Time Plus News

Breaking News, Latest News, World News, Headlines and Videos

Thousands face Medicaid whiplash as rules change

Until recently, Jonathan Murray relied on Medicaid to pay for treatment for multiple health conditions, including chronic insomnia. Murray, a 20-year-old restaurateur from the college town of Brookings, South Dakota, said she would stay awake several nights at a time without her medication.

“I probably wouldn’t be able to work as much because I’d be tired but couldn’t sleep,” he said.

Murray’s mother is paying $1,548 more than usual in health insurance premiums over three months to ensure she can afford sleeping pills, other medications, lab work and doctors’ appointments.

Murray had to scramble to find an insurance option after being surprised to lose his Medicaid coverage on April 1 — though he will likely be re-eligible on July 1.

Because of a complicated situation in South Dakota and North Carolina, Murray isn’t the only one who will experience this whiplash in Medicaid coverage.

Medicaid is a joint federal and state health insurance program for low-income or disabled people. During the national Covid-19 public health emergency, states were barred from removing people from the program even if they were no longer eligible.

This rule is now over, and states can re-determine whether Medicaid participants are still eligible. The federal government estimates 15 million Americans will Lose coverage under Medicaid or the Children’s Health Insurance Program because they are no longer eligible or because of paperwork problems.

But with South Dakota and North Carolina removing participants from Medicaid, the states also plan to add people to the program. That’s because South Dakota voters and North Carolina lawmakers recently approved Medicaid expansion, which would increase the number of people eligible for the program.

“It would have been great if they would have held people until the expansion, so you’re not kicking so many people,” said Kathy Murray, Jonathan’s mother.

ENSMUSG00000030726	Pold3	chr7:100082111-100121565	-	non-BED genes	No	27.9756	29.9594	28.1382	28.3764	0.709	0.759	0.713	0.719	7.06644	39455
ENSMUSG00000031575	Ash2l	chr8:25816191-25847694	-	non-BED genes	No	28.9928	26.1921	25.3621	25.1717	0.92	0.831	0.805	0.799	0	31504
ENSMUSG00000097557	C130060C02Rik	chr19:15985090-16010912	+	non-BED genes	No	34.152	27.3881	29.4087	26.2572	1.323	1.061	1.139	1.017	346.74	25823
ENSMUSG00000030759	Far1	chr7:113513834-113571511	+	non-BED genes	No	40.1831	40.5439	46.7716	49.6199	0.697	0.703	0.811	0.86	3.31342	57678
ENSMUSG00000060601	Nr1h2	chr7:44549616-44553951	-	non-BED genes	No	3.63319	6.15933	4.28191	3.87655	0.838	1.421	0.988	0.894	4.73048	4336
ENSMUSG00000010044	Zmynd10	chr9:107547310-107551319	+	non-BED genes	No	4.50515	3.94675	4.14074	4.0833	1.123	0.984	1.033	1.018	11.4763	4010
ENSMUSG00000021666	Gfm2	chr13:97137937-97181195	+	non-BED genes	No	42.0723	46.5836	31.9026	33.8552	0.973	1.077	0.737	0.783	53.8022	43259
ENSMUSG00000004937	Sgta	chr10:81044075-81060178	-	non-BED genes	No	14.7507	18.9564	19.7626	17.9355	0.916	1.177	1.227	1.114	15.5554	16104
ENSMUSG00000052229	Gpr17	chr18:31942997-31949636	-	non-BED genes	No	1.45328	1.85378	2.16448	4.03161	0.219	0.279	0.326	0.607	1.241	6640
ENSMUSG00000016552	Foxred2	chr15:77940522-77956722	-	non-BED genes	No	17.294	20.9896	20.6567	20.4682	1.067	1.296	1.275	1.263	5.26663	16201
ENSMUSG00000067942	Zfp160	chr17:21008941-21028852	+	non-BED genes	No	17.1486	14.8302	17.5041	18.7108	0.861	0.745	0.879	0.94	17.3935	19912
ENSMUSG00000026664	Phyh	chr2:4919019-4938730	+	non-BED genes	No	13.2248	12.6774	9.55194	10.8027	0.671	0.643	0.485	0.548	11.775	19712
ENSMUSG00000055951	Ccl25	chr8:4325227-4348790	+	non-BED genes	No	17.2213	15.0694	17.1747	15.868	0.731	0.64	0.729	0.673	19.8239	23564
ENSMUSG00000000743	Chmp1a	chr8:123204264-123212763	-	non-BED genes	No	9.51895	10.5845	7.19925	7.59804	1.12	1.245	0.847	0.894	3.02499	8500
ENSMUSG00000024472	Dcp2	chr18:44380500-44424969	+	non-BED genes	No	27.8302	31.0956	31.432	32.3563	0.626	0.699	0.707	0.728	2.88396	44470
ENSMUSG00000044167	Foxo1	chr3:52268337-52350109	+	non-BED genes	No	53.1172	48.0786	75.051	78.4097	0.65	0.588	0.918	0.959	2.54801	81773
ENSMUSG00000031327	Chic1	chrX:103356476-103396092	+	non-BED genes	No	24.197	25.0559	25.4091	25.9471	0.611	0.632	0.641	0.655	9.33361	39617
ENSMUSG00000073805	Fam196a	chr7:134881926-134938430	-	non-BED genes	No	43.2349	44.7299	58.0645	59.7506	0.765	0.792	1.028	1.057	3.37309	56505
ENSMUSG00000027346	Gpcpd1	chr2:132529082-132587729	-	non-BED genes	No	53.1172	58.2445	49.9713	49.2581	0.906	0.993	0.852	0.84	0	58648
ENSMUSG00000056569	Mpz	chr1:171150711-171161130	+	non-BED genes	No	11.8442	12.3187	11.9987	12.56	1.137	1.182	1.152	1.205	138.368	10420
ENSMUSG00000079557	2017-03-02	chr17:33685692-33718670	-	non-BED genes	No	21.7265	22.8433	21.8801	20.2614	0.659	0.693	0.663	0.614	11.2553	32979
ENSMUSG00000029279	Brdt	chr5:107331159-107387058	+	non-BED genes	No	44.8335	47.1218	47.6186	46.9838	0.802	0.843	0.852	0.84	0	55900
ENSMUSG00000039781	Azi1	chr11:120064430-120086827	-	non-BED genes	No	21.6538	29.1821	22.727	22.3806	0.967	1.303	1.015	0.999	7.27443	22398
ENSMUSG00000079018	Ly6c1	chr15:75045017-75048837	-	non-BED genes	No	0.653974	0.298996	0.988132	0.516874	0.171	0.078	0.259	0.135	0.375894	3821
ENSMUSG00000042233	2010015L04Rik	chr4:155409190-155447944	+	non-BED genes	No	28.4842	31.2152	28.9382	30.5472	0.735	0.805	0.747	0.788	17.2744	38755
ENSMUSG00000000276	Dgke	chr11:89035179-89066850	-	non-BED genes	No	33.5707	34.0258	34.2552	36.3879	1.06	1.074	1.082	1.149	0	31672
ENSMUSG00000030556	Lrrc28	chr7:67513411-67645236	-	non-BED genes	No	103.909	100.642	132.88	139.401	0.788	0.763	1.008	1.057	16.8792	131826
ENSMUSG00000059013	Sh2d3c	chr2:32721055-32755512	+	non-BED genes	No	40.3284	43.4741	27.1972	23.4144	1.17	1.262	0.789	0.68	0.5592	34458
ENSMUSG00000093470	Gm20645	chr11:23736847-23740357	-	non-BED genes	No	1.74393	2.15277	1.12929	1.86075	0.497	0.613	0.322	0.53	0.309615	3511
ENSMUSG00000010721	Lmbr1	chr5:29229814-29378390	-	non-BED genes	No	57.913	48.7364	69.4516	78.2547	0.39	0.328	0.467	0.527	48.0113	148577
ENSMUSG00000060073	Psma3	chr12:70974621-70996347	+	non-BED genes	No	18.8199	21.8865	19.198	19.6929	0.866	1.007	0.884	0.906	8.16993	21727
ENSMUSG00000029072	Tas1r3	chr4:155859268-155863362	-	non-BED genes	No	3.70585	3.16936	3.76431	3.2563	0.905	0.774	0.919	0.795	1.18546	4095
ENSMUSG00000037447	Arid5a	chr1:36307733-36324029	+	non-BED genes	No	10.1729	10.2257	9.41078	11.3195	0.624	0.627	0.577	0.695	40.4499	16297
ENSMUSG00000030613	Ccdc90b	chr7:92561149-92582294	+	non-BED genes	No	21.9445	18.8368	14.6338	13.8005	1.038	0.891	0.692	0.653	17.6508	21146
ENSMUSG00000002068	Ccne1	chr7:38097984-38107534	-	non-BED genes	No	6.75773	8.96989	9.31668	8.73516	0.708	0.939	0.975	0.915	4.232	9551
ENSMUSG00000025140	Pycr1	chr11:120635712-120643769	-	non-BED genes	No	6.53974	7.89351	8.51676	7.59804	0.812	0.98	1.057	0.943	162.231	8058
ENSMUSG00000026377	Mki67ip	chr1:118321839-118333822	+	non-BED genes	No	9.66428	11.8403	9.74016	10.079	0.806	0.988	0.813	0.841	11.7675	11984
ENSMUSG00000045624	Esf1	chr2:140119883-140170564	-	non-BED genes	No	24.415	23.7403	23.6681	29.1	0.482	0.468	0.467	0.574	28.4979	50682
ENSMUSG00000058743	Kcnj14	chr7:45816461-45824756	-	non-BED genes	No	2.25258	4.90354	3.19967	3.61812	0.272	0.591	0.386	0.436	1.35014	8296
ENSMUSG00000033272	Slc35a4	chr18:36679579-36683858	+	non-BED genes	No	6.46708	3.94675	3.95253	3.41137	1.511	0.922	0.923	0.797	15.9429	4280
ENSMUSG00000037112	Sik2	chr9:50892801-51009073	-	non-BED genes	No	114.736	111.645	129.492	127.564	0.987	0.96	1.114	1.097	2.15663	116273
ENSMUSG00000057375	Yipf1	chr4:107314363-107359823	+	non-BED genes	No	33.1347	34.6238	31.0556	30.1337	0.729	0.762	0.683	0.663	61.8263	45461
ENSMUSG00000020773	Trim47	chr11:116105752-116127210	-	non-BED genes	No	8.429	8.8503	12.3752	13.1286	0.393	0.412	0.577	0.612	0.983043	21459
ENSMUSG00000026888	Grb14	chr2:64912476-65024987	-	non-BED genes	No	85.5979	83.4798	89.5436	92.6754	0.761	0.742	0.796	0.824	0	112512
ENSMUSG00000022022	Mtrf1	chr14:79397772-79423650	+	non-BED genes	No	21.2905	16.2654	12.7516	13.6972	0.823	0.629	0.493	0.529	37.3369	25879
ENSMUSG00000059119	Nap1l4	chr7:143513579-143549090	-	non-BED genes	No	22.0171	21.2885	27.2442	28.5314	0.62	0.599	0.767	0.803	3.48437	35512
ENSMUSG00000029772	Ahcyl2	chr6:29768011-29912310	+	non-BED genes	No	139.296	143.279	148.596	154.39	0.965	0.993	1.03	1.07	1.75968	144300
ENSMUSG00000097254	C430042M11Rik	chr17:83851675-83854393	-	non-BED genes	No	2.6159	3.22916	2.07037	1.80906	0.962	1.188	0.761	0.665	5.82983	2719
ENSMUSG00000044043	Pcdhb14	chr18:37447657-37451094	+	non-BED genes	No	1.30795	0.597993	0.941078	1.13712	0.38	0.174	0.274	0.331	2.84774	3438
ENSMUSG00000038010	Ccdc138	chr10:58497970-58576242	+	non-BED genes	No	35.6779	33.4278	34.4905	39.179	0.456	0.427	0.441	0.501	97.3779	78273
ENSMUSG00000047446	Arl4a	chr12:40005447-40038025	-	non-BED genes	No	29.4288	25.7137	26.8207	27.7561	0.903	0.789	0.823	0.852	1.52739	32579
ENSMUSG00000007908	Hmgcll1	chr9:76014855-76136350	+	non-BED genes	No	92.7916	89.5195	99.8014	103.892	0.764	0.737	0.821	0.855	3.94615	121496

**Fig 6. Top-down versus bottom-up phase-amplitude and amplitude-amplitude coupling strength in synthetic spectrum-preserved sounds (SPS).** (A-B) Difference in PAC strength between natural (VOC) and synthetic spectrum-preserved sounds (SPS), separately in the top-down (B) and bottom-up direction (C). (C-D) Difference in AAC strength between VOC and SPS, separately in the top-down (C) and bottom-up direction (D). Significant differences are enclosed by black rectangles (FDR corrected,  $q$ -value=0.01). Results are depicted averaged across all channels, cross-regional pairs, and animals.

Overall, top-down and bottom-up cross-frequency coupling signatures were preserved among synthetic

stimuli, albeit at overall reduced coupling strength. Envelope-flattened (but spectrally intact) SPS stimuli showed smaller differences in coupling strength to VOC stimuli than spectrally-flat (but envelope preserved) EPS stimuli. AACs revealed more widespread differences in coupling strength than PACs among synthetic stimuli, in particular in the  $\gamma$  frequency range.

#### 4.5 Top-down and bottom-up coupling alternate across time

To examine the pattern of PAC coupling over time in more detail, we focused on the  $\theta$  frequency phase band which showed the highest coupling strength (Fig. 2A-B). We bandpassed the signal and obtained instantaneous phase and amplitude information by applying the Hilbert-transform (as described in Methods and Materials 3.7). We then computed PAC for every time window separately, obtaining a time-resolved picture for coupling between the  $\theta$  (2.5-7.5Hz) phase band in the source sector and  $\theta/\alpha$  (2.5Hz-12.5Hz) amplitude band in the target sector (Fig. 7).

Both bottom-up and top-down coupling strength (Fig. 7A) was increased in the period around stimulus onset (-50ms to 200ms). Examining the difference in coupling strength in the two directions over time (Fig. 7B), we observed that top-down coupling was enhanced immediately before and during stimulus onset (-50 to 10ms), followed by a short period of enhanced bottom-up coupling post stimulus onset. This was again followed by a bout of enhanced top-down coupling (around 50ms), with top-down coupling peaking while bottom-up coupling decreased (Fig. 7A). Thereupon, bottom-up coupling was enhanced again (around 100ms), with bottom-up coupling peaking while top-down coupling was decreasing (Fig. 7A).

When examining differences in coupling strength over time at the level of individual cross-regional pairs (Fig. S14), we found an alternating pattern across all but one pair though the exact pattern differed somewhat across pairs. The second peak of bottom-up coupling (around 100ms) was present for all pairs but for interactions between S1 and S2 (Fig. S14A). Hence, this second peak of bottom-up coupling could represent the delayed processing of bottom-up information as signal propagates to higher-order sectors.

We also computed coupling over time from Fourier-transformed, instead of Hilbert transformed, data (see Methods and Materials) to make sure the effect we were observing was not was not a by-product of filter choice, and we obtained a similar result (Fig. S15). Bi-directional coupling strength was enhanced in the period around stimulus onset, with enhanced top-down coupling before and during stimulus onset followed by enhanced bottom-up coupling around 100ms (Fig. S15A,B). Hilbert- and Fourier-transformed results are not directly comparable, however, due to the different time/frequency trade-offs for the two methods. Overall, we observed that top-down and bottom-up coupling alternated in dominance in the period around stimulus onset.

According to several health policy experts, South Dakota could have tried to prevent participants from temporarily losing Medicaid coverage.

Kathy Murray and her son Jonathan

Kathy Murray

“Federal regulations mean they have to kick people out before expansion, and that’s not right,” said Joanne Alker, executive director of Georgetown University’s Center for Children and Families. “They can structure it so that those people don’t suffer a loss of coverage.”

Lucy Dagnew, chief of Medicaid campaigns for the American Cancer Society Cancer Action Network, agreed. South Dakota and North Carolina “can’t actually stop the attrition process. However, they have flexibility in how they batch enrollees,” he said.

Alker and Dagnew said states don’t have to start the unwinding process immediately, and when they do, they can delay reviewing enrollees who are likely to be re-eligible under the expansion.

South Dakotans and North Carolinians who want to avoid gaps in health care coverage can apply for private insurance, which can be subsidized under the Affordable Care Act. They can reapply for Medicaid when they start applying for expanded coverage. But if they go uninsured during the gap period, they may avoid getting treatment or face expensive bills.

South Dakota is one of five states to begin April 1, the earliest date possible. Its Medicaid expansion will take effect on July 1. About 16,000 South Dakotans were enrolled in April, but more than 1,700 of them will be re-eligible under the expansion, according to state data.

North Carolina will begin enrolling people no longer eligible for Medicaid on July 1. The state has not set a timeline for the Medicaid expansion, but it is expected to happen in the open period, which runs through May 2024.